Alcohol contained in a natural product may be concentrated into its essence, thereby concentrating the amount of alcohol. Most halal-certifying bodies accept small amounts of such inherent alcohol, generally less than 0.1% and sometimes up to 0.5%. Use of alcohol in any concentration in an industrial process is acceptable due to technical reasons where other viable alternatives are not available. The final alcohol content in the product of such industrial application must be reduced to less than 0.5% by evaporation or conversion to acetic acid. This means flavors that will be used in food production must not contain more than 0.5% alcohol to qualify as halal. Some countries, however, do accept amounts higher than 0.5%, whereas others have an even lower cut off. Addition of any amount of fermented alcoholic drinks such as beer, wine, or liquor to any food product or drink renders the product haram. However, if the essence is extracted from these products and alcohol is reduced to negligible amount, most halal-certifying agencies and importing countries accept the use of such essences in food products. Consultation with proper authorities or end users can clarify this issue. Consumer products with added ingredients that contain alcohol must have less than 0.1% alcohol, including both added and any natural alcohol, to qualify as halal. At this level, one cannot taste the alcohol, smell the alcohol, or see the alcohol, a criterion generally applied for the impurities. This reasoning has been established by the Islamic Food and Nutrition Council of America. Other groups may accept more lenient or stricter guidelines than these. The food industry should consult its customer companies or halal-approval agencies for their exact standard.
Can you get tipsy off kombucha?
Can You Get Drunk From Kombucha? – kombucha-tea.jpg Credit: Mizina/Getty Images Mizina/Getty Images Yes, if you’re very dedicated and have a low enough alcohol tolerance, you could theoretically become inebriated by drinking a whole heck of a lot of kombucha. You’d have to drink about eight bottles of commercial kombucha, though, to get effects similar to one beer,
Who can’t drink kombucha?
Start with drinking a smaller portion of kombucha (12 ounces a day, or less) – It is important to start with drinking small quantities to see how your body reacts to the beverage. The Centers for Disease Control recommends that four ounces of kombucha can be safely consumed one to three times a day.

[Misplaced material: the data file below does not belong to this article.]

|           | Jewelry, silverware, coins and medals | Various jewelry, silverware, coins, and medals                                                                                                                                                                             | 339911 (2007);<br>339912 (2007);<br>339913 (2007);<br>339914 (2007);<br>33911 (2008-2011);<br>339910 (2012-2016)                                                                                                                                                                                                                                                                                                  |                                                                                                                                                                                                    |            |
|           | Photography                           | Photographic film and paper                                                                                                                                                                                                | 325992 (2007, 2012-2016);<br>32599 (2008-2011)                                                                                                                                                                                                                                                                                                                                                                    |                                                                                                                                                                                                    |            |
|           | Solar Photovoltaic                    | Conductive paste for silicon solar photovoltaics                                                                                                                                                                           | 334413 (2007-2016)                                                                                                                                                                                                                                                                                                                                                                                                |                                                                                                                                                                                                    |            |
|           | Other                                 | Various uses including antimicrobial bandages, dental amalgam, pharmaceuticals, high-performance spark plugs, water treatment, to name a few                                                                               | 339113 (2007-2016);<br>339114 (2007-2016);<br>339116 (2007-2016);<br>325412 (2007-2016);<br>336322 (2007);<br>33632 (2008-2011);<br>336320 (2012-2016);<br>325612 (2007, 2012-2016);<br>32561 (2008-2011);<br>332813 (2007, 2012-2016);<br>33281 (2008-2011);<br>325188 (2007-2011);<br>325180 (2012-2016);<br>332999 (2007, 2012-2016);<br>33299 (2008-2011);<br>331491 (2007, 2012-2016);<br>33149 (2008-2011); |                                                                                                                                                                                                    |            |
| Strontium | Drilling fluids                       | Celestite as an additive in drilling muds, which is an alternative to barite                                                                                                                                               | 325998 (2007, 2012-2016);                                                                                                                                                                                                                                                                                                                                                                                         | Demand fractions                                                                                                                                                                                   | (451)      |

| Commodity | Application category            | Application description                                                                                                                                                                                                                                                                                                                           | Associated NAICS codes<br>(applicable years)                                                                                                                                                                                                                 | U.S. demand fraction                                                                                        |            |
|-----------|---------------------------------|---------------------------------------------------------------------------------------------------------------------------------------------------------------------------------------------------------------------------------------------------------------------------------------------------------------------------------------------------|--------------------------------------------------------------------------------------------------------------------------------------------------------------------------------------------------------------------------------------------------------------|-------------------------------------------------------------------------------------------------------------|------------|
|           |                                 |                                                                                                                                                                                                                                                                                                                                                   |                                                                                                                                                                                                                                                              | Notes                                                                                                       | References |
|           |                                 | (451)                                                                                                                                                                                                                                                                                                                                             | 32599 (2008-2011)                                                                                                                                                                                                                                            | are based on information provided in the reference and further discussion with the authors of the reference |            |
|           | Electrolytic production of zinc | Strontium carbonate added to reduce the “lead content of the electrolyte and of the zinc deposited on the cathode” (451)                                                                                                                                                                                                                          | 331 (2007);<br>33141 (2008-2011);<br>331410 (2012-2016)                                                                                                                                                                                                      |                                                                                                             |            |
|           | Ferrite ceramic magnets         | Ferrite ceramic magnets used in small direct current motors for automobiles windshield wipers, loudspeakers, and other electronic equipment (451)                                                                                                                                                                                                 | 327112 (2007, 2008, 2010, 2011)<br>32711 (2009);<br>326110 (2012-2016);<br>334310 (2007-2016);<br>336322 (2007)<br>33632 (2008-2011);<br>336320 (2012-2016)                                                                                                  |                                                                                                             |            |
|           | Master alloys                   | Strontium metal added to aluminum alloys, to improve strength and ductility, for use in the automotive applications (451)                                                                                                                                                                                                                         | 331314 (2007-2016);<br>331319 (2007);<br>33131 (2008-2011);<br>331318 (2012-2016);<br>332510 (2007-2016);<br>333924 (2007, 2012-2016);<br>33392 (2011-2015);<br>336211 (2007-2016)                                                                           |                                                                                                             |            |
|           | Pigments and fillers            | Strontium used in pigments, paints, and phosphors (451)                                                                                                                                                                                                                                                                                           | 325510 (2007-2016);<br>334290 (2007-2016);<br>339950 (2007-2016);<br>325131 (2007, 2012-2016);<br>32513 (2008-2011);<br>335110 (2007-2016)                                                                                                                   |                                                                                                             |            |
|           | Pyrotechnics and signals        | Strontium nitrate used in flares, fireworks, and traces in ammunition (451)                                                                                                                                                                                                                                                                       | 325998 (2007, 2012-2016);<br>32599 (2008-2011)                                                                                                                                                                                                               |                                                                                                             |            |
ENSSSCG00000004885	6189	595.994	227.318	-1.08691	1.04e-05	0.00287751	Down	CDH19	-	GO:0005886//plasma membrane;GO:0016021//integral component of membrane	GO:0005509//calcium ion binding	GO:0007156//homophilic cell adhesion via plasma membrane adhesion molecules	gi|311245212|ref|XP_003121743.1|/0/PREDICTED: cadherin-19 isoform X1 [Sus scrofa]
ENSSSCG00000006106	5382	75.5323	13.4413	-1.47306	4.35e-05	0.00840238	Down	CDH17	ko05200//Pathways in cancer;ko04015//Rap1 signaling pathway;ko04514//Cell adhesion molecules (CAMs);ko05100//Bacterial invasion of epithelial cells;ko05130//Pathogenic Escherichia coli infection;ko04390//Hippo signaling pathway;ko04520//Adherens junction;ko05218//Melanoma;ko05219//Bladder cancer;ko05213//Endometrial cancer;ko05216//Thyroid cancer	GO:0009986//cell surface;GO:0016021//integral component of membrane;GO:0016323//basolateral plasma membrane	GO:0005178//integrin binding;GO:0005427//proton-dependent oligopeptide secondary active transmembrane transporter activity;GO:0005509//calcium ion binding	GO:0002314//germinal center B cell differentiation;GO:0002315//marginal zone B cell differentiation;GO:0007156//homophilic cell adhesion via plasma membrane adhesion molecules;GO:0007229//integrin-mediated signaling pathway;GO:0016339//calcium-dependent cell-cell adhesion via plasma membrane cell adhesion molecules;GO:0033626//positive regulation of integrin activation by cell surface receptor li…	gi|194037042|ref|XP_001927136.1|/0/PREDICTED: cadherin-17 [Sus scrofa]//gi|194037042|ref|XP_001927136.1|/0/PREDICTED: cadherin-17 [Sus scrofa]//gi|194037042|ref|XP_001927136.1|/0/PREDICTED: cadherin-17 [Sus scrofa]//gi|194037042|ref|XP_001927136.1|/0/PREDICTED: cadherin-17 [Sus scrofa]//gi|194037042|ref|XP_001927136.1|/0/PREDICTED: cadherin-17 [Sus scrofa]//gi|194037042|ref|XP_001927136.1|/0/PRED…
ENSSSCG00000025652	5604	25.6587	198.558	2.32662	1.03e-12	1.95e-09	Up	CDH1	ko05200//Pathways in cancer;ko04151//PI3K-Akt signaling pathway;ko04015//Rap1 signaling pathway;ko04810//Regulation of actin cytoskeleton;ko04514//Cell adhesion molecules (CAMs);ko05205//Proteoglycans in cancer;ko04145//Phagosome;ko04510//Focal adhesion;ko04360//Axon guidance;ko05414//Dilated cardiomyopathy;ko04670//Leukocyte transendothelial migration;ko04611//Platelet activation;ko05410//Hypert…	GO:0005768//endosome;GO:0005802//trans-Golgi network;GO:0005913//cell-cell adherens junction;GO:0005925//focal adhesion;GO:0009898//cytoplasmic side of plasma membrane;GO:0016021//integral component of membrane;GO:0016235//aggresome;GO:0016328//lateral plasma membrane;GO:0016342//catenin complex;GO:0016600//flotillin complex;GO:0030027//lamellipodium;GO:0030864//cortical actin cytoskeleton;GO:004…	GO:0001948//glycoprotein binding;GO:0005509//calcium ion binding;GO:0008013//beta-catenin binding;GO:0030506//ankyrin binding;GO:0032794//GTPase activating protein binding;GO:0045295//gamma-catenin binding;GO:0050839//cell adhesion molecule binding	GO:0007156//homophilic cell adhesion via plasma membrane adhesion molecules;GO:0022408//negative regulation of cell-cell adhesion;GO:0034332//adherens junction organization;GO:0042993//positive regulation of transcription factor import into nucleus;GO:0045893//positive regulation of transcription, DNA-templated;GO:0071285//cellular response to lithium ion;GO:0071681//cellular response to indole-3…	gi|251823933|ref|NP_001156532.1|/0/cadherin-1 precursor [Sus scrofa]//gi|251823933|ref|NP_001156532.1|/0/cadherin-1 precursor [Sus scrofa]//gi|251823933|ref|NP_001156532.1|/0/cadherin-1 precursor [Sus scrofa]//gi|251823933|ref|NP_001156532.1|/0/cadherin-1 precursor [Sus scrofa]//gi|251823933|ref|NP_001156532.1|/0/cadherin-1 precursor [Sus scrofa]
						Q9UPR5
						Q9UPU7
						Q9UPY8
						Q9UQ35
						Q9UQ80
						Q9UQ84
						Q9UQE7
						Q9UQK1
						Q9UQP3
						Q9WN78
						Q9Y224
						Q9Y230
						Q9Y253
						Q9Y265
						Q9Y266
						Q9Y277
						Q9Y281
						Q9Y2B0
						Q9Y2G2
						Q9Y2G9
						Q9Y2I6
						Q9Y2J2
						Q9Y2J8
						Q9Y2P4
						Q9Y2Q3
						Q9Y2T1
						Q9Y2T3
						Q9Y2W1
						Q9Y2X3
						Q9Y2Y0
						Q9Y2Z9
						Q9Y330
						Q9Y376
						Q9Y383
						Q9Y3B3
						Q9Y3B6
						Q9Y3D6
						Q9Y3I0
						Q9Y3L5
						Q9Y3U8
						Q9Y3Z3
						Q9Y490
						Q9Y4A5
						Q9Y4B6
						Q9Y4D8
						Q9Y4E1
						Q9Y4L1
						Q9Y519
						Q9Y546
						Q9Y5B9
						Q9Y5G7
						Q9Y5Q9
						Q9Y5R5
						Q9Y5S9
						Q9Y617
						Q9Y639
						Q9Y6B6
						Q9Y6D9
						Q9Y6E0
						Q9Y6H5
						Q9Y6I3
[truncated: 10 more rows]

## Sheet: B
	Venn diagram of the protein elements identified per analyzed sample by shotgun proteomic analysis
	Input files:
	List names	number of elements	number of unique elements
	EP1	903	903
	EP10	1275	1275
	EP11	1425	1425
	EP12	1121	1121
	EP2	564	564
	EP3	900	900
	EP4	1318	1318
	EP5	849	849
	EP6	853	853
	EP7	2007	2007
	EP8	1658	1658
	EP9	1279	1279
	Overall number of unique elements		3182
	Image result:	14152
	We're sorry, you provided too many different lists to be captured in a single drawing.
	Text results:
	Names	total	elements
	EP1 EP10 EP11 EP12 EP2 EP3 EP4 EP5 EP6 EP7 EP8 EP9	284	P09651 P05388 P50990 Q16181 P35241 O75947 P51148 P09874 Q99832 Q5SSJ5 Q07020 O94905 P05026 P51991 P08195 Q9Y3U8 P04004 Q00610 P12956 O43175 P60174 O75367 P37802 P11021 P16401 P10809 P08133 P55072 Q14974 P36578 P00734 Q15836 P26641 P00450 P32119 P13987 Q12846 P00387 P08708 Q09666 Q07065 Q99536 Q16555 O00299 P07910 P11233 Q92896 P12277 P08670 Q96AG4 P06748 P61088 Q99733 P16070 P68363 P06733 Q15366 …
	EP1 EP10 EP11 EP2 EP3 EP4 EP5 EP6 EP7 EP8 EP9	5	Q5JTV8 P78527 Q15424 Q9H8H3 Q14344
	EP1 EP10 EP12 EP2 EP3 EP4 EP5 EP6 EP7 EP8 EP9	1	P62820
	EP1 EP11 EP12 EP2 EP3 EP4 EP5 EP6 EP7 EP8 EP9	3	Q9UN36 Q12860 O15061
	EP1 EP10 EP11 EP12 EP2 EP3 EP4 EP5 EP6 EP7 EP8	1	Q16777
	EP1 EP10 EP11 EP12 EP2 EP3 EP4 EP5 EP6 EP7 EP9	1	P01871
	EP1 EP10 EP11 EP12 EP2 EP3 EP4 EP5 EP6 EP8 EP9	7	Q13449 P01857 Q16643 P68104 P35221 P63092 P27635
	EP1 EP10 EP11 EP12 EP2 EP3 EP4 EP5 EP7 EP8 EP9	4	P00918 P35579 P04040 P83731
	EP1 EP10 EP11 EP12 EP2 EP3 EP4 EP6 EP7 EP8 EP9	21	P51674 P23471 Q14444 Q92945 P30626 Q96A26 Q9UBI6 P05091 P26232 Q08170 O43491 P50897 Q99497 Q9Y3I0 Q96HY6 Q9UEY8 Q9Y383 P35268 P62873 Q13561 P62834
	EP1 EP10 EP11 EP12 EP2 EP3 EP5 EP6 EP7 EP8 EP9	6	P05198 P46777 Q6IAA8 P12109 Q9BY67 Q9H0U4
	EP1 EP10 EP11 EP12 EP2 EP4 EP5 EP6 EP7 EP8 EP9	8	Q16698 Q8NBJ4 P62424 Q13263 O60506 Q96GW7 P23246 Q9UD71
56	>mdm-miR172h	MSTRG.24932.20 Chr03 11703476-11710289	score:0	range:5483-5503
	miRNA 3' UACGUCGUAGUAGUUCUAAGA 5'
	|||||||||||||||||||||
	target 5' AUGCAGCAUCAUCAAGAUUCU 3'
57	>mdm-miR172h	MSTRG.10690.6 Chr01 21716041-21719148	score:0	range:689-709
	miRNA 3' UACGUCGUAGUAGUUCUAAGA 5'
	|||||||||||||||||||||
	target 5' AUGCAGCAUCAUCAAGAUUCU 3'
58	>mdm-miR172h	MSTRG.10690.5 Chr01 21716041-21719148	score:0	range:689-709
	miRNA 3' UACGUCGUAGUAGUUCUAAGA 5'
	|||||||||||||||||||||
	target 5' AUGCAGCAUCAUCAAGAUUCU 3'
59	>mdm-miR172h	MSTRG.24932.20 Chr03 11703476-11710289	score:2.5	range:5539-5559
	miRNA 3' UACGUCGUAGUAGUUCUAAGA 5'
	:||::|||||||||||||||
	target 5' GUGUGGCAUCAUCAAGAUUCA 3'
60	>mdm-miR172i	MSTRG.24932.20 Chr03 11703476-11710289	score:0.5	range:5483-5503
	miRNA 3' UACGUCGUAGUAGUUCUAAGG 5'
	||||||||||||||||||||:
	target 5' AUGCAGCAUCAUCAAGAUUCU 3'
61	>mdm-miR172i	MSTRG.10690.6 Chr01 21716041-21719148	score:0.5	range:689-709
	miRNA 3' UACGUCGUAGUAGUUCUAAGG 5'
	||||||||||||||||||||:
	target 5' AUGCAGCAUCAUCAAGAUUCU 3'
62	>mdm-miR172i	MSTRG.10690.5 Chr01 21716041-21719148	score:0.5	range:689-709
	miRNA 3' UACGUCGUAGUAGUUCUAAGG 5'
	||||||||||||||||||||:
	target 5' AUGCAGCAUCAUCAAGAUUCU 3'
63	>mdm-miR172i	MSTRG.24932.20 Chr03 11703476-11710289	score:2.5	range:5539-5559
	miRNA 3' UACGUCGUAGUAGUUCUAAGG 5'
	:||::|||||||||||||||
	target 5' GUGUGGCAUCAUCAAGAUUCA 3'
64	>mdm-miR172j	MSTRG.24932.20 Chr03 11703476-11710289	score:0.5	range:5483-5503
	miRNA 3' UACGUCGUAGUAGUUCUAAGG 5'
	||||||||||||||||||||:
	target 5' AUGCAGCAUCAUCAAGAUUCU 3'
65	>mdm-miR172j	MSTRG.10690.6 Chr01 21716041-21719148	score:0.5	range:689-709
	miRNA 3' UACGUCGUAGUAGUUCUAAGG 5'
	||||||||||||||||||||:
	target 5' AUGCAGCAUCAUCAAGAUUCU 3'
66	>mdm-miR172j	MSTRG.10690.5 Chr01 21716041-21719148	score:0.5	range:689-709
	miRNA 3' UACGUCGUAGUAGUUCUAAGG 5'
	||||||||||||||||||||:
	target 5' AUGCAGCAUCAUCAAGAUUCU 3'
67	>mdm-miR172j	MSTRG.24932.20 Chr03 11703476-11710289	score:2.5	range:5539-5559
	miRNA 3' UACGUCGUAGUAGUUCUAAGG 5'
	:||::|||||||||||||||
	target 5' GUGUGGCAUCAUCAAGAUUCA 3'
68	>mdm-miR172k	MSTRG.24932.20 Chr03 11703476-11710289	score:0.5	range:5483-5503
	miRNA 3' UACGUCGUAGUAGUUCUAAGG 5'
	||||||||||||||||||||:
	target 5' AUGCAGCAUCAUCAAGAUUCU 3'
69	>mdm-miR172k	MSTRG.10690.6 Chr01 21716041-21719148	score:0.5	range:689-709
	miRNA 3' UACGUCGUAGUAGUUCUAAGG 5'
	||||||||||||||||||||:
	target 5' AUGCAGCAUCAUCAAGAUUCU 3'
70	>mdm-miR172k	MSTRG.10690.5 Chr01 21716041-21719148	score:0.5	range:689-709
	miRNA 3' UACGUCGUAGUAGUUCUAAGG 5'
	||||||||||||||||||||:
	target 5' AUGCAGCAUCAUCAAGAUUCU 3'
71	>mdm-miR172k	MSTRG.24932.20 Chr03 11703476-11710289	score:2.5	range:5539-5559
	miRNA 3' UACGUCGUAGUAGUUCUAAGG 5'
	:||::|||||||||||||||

- Overconsumption can lead to headache, nausea, gastrointestinal distress, or ketoacidosis.
- There are a few populations that should never ingest kombucha.
- Pregnant and breastfeeding women, children, and individuals with liver or kidney disease, HIV, impaired immune systems, and alcohol dependency should avoid kombucha.
For others, kombucha is a wonderfully refreshing beverage that has many benefits, when made safely and consumed moderately.
Is kombucha alcohol healthier?
Is Hard Kombucha Healthy? – Although its probiotics might not be potent, hard kombucha is still a better option than other alcoholic, Since it’s made from natural components such as black or green tea, bacteria, and yeast, it can give your body many vitamins, minerals, and antioxidants.
It’s naturally gluten-free and has fewer carbs, sugars, and calories per serving than beer and popular drinks like the and vodka cranberries. It also contains beneficial acids. The polyphenols and acids in normal kombuchas, such as lactic, acetic, glucuronic, and butyric acids, will still benefit you.
The health benefits of these acids include raising the nutritional value of meals, improving digestion, and increasing antioxidant activity. Even though it can be a healthier choice compared to other alcoholic beverages, excessive drinking of hard kombucha also has the usual downsides of consuming alcohol, like liver damage.
Is Synergy raw kombucha safe?
Is Synergy a Good Kombucha Brand? – Yes, Synergy is a good brand of kombucha. Synergy uses organic ingredients to make their fermented, raw kombucha. Synergy Kombucha contains antioxidants, microorganisms, probiotics, and acids that aid gut health. It naturally has trace amounts of alcohol, but the small amount should not affect most healthy adults.
Can I drink kombucha while pregnant?
Bottom line – With so many considerations, it’s probably best to steer clear of kombucha during pregnancy. But, if you choose to drink kombucha, make sure to avoid the raw, alcoholic versions, and be careful with the high caffeine ones. Was this article helpful? Yes No